My sixth-grade teacher, Mr. Jaworski, was popular for two reasons: He turned every lesson into a bingo game (with a king-sized Hershey's bar for the winner) and he brought paczki to school on Fat Tuesday.
It's a longstanding tradition for Polish-Americans in the Midwest to mark Fat Tuesday with deep-fried dough, even if it means waking up before dawn; driving miles to the right bakery and waiting in a line that stretches down a snowy street. Paczki are considerably easier to obtain in Seattle: "We'll have a good production going on Tuesday," promises Bakery Nouveau's assistant manager Christopher Donka.
Bakery Nouveau has been selling paczki since 2010, when chef William Leaman learned of the pastries from a buddy with a bakery in Chicago. Leaman had been thinking of fooling around with doughnuts, but didn't want to make a long-term commitment to frying. Paczki provided a seasonal solution.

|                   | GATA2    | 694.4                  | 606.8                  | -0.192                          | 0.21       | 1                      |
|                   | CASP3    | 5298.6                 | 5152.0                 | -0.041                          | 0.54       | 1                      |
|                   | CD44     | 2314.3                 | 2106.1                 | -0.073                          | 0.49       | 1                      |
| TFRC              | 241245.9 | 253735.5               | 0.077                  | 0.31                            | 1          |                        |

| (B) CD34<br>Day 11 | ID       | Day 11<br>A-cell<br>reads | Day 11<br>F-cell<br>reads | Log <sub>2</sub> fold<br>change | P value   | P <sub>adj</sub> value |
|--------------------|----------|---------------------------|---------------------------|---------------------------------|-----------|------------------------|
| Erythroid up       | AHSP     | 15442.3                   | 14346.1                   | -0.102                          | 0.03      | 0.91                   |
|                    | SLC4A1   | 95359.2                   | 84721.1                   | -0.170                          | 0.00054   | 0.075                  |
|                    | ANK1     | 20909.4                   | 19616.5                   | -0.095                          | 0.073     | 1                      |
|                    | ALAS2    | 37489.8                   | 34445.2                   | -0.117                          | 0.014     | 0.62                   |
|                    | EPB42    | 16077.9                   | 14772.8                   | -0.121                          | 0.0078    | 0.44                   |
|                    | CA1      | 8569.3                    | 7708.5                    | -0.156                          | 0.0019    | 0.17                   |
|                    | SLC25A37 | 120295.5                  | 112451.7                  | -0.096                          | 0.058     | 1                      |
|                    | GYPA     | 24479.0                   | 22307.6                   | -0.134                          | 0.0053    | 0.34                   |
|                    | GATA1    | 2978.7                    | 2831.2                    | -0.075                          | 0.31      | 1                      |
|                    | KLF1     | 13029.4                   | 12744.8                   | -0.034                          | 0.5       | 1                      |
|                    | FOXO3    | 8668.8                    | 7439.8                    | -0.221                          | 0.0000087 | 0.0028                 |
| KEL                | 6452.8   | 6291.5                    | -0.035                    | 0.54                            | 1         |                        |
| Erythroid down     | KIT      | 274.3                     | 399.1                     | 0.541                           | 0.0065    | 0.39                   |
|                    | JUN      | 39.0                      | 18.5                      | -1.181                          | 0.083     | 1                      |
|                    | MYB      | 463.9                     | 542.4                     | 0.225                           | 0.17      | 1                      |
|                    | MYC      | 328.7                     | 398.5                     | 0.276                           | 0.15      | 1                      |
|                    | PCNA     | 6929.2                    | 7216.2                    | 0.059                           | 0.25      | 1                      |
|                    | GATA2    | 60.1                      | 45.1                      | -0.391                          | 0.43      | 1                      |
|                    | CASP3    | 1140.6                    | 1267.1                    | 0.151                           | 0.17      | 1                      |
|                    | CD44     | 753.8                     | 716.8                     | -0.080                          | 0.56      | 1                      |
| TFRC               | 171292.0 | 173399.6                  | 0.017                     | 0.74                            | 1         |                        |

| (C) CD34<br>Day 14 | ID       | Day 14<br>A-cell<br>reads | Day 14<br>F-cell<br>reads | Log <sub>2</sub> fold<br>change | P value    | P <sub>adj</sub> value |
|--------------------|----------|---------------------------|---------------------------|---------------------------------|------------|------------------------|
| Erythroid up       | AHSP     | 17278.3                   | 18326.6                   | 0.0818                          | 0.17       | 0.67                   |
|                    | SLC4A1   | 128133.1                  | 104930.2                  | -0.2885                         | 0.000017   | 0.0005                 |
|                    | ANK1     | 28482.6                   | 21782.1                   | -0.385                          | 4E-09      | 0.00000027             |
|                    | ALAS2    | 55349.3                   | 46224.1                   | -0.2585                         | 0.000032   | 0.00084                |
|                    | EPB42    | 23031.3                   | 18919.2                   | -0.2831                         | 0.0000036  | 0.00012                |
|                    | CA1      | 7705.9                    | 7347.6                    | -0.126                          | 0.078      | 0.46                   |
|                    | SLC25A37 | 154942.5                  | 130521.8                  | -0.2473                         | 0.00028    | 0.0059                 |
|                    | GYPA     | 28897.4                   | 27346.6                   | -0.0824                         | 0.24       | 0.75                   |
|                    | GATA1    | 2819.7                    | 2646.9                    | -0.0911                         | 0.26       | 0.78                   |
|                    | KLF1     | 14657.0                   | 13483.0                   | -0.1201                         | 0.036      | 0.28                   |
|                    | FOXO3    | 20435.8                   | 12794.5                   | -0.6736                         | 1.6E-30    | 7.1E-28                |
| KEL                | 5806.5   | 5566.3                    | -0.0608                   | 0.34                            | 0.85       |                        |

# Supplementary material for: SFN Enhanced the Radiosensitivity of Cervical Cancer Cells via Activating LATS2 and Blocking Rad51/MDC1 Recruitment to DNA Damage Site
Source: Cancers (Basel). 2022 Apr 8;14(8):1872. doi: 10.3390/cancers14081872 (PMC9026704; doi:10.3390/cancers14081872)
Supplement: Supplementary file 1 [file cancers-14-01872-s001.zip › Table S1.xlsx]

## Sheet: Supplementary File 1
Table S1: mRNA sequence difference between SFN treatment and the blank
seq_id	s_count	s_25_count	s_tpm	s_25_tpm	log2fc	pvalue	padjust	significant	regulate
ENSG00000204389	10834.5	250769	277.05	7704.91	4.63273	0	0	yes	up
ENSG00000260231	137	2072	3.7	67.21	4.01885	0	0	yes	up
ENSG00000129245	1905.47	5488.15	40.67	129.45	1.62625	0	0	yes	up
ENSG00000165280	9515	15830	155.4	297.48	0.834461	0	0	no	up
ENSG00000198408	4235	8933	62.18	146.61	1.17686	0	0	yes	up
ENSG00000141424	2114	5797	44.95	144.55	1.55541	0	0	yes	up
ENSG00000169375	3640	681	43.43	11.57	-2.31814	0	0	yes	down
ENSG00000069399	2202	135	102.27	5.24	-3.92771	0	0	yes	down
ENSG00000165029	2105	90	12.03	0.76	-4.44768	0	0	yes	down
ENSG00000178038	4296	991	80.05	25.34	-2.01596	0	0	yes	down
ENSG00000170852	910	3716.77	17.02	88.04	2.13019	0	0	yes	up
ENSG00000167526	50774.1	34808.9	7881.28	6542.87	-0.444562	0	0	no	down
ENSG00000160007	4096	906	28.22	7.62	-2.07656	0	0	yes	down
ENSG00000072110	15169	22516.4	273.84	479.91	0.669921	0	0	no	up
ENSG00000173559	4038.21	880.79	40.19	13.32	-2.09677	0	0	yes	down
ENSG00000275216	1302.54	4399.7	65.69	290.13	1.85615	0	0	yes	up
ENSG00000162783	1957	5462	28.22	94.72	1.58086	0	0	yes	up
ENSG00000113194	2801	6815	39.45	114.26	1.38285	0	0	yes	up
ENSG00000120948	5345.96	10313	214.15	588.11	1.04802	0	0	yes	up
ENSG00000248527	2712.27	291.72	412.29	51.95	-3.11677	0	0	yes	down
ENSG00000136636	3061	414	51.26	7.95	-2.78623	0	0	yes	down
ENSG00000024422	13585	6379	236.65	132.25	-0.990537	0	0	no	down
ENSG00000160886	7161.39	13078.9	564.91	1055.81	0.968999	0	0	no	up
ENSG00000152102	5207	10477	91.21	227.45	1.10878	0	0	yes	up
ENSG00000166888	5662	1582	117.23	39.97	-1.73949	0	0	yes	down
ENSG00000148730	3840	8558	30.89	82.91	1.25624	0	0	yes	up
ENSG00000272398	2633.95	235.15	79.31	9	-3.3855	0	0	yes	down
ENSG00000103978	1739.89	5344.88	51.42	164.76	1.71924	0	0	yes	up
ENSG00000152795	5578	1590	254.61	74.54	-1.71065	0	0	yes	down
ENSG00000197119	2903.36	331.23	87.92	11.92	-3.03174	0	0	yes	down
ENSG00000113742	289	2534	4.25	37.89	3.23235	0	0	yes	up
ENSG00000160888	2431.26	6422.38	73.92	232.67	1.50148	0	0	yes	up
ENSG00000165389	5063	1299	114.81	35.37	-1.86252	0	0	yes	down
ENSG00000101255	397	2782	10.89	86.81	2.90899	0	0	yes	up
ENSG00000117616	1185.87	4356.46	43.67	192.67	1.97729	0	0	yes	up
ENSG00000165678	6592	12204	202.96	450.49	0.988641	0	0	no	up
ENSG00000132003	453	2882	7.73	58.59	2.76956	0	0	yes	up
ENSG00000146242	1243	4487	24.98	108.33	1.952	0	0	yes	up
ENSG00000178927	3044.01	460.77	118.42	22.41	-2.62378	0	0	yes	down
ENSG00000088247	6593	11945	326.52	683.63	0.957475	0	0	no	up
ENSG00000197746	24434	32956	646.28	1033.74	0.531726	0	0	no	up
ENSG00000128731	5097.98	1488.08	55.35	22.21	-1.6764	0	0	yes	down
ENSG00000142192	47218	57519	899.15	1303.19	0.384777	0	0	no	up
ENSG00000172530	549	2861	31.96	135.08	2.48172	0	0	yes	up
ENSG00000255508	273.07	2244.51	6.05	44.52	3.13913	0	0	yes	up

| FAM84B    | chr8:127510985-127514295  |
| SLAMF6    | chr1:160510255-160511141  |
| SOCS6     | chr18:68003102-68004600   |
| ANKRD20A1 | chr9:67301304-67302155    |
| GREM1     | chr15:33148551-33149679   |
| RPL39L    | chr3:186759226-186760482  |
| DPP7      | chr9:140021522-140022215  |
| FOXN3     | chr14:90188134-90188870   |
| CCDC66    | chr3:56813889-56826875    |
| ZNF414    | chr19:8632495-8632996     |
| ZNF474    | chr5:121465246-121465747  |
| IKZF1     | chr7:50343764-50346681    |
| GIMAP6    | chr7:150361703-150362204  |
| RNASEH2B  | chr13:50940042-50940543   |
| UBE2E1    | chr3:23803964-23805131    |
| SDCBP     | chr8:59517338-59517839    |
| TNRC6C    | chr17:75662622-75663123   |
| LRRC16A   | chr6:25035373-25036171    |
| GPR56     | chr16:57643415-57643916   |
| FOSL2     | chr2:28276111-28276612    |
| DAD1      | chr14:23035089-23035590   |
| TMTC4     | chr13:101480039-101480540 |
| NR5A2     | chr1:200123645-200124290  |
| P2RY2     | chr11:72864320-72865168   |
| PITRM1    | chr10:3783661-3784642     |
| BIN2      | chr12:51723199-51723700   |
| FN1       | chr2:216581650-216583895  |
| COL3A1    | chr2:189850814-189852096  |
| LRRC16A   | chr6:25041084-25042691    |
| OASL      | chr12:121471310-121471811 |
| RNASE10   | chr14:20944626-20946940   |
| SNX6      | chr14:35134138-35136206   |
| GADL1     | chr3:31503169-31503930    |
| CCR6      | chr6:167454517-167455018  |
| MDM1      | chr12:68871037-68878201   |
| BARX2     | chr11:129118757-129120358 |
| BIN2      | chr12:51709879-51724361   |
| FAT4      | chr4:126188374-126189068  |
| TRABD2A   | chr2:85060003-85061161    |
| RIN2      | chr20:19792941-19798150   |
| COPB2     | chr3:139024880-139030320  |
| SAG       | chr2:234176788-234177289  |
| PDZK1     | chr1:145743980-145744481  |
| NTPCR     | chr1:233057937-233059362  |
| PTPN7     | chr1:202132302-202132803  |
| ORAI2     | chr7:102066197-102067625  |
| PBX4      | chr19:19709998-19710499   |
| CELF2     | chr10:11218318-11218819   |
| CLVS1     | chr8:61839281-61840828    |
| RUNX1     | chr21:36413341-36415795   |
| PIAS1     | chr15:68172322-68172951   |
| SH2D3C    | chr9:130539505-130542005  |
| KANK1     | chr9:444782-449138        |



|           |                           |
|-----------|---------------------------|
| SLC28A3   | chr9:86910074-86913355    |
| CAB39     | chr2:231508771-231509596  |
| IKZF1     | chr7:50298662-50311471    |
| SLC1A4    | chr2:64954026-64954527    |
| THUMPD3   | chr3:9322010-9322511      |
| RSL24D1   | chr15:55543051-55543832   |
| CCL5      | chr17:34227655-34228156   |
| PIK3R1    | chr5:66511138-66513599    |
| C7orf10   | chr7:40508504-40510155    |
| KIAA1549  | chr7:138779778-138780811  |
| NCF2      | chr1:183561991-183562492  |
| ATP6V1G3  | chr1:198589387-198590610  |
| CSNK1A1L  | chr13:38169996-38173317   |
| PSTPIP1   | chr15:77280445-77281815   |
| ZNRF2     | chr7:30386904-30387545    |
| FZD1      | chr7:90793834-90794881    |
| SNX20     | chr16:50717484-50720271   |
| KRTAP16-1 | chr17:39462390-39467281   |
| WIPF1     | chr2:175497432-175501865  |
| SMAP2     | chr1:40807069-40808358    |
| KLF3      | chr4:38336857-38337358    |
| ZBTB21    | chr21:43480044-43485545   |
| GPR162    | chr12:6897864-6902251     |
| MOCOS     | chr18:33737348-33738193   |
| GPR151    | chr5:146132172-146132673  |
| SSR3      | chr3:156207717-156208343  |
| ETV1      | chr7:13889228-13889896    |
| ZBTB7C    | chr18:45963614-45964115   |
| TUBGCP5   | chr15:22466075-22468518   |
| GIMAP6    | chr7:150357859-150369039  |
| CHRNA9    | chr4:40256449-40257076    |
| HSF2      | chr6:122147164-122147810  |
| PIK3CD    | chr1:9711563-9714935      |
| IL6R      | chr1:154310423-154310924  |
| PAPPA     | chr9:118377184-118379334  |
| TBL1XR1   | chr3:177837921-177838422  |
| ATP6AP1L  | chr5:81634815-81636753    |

As former Voracious contributor and fellow displaced Midwesterner Maggie Savarino wrote in a 2009 column, paczkis aren't exactly doughnuts: Paczki dough is rich and eggy, and should include alcohol (Typically just a touch, although bars in Hamtramck serve raspberry vodka paczki on Packzi Day.) Fillings vary, although the classical filling is prune.
"I've been told we don't do traditional ones because we don't do prune filling," Donka says. Noveau offers four paczki fillings: chocolate; vanilla; apple and strawberry with cream. The paczki are priced at $2.75 apiece, or $25 for a dozen.
Many Midwestern bakeries sell paczki only on Paczki Day, when they can clear as many as 40,000 paczki by lunchtime. Confining sales to a single day means paczki fans will go to great lengths to get their physical and psychological fill of the treat when it's available: For the last two years, the Bay City (Mich.) Times has trained a web cam on the box of pazcki in its newsroom, so pazcki lovers can watch copy editors and high school reporters snack.
Here, the schedule's more flexible. Bakery Nouveau and Metropolitan Market, which also annually fries paczki, typically start selling their pastries a week or two in advance of the holiday.